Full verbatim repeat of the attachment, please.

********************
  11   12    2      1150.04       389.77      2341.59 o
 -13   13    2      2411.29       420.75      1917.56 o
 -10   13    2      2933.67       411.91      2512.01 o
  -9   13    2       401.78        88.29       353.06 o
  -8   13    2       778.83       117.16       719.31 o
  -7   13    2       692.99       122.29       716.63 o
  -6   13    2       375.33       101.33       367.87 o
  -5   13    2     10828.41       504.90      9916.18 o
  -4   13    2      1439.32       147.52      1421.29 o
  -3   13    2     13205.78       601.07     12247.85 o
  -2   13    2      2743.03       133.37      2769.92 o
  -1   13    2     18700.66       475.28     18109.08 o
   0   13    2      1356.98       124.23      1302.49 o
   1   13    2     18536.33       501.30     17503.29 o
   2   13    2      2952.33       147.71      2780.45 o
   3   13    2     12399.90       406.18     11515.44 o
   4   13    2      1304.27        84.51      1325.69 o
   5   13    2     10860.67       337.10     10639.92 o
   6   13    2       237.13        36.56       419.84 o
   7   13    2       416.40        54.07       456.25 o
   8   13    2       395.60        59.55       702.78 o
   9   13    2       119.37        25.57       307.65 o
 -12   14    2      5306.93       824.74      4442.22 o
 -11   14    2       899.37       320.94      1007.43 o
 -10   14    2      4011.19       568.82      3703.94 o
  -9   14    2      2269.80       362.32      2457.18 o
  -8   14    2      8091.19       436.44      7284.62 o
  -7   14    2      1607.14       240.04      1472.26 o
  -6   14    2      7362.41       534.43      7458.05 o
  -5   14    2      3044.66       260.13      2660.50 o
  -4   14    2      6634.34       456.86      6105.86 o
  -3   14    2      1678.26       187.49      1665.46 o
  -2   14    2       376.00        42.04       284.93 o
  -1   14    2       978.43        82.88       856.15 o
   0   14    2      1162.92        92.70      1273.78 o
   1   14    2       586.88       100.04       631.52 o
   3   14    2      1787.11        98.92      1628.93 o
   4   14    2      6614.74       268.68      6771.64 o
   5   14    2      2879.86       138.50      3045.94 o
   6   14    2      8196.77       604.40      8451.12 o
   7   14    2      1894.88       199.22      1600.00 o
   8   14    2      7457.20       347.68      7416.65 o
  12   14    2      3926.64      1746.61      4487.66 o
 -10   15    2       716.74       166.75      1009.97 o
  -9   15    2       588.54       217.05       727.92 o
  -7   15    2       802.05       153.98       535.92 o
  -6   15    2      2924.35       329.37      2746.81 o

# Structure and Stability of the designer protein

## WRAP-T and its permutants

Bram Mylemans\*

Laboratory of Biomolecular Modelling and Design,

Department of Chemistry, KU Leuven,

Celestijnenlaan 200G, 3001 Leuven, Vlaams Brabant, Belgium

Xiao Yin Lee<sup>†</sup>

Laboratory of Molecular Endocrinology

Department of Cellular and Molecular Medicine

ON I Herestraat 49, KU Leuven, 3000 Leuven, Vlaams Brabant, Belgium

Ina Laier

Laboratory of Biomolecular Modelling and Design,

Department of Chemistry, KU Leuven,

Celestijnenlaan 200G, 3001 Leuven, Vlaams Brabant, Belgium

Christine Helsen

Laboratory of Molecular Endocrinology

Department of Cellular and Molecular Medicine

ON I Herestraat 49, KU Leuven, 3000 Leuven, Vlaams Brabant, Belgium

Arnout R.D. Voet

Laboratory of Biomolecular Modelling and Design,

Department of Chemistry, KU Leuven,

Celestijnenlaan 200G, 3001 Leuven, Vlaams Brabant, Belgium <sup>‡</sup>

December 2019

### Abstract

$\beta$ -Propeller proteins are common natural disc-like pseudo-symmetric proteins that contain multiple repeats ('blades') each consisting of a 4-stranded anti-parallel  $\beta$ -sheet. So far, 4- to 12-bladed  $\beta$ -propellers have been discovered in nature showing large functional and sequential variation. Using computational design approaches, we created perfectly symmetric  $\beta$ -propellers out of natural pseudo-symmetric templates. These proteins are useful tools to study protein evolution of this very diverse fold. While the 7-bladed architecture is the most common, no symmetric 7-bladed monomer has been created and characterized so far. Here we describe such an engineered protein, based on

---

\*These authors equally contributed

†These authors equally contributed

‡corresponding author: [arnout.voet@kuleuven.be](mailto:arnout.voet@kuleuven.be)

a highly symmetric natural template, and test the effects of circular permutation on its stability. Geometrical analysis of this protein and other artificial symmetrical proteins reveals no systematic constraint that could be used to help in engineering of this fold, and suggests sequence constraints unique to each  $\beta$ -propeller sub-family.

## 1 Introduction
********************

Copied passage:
  11   12    2      1150.04       389.77      2341.59 o
 -13   13    2      2411.29       420.75      1917.56 o
 -10   13    2      2933.67       411.91      2512.01 o
  -9   13    2       401.78        88.29       353.06 o
  -8   13    2       778.83       117.16       719.31 o
  -7   13    2       692.99       122.29       716.63 o
  -6   13    2       375.33       101.33       367.87 o
  -5   13    2     10828.41       504.90      9916.18 o
  -4   13    2      1439.32       147.52      1421.29 o
  -3   13    2     13205.78       601.07     12247.85 o
  -2   13    2      2743.03       133.37      2769.92 o
  -1   13    2     18700.66       475.28     18109.08 o
   0   13    2      1356.98       124.23      1302.49 o
   1   13    2     18536.33       501.30     17503.29 o
   2   13    2      2952.33       147.71      2780.45 o
   3   13    2     12399.90       406.18     11515.44 o
   4   13    2      1304.27        84.51      1325.69 o
   5   13    2     10860.67       337.10     10639.92 o
   6   13    2       237.13        36.56       419.84 o
   7   13    2       416.40        54.07       456.25 o
   8   13    2       395.60        59.55       702.78 o
   9   13    2       119.37        25.57       307.65 o
 -12   14    2      5306.93       824.74      4442.22 o
 -11   14    2       899.37       320.94      1007.43 o
 -10   14    2      4011.19       568.82      3703.94 o
  -9   14    2      2269.80       362.32      2457.18 o
  -8   14    2      8091.19       436.44      7284.62 o
  -7   14    2      1607.14       240.04      1472.26 o
  -6   14    2      7362.41       534.43      7458.05 o
  -5   14    2      3044.66       260.13      2660.50 o
  -4   14    2      6634.34       456.86      6105.86 o
  -3   14    2      1678.26       187.49      1665.46 o
  -2   14    2       376.00        42.04       284.93 o
  -1   14    2       978.43        82.88       856.15 o
   0   14    2      1162.92        92.70      1273.78 o
   1   14    2       586.88       100.04       631.52 o
   3   14    2      1787.11        98.92      1628.93 o
   4   14    2      6614.74       268.68      6771.64 o
   5   14    2      2879.86       138.50      3045.94 o
   6   14    2      8196.77       604.40      8451.12 o
   7   14    2      1894.88       199.22      1600.00 o
   8   14    2      7457.20       347.68      7416.65 o
  12   14    2      3926.64      1746.61      4487.66 o
 -10   15    2       716.74       166.75      1009.97 o
  -9   15    2       588.54       217.05       727.92 o
  -7   15    2       802.05       153.98       535.92 o
  -6   15    2      2924.35       329.37      2746.81 o

# Structure and Stability of the designer protein

## WRAP-T and its permutants

Bram Mylemans\*

Laboratory of Biomolecular Modelling and Design,

Department of Chemistry, KU Leuven,

Celestijnenlaan 200G, 3001 Leuven, Vlaams Brabant, Belgium

Xiao Yin Lee<sup>†</sup>

Laboratory of Molecular Endocrinology

Department of Cellular and Molecular Medicine

ON I Herestraat 49, KU Leuven, 3000 Leuven, Vlaams Brabant, Belgium

Ina Laier

Laboratory of Biomolecular Modelling and Design,

Department of Chemistry, KU Leuven,

Celestijnenlaan 200G, 3001 Leuven, Vlaams Brabant, Belgium

Christine Helsen

Laboratory of Molecular Endocrinology

Department of Cellular and Molecular Medicine

ON I Herestraat 49, KU Leuven, 3000 Leuven, Vlaams Brabant, Belgium

Arnout R.D. Voet

Laboratory of Biomolecular Modelling and Design,

Department of Chemistry, KU Leuven,

Celestijnenlaan 200G, 3001 Leuven, Vlaams Brabant, Belgium <sup>‡</sup>

December 2019

### Abstract

$\beta$ -Propeller proteins are common natural disc-like pseudo-symmetric proteins that contain multiple repeats ('blades') each consisting of a 4-stranded anti-parallel  $\beta$ -sheet. So far, 4- to 12-bladed  $\beta$ -propellers have been discovered in nature showing large functional and sequential variation. Using computational design approaches, we created perfectly symmetric  $\beta$ -propellers out of natural pseudo-symmetric templates. These proteins are useful tools to study protein evolution of this very diverse fold. While the 7-bladed architecture is the most common, no symmetric 7-bladed monomer has been created and characterized so far. Here we describe such an engineered protein, based on

---

\*These authors equally contributed

†These authors equally contributed

‡corresponding author: [arnout.voet@kuleuven.be](mailto:arnout.voet@kuleuven.be)

a highly symmetric natural template, and test the effects of circular permutation on its stability. Geometrical analysis of this protein and other artificial symmetrical proteins reveals no systematic constraint that could be used to help in engineering of this fold, and suggests sequence constraints unique to each  $\beta$ -propeller sub-family.

## 1 Introduction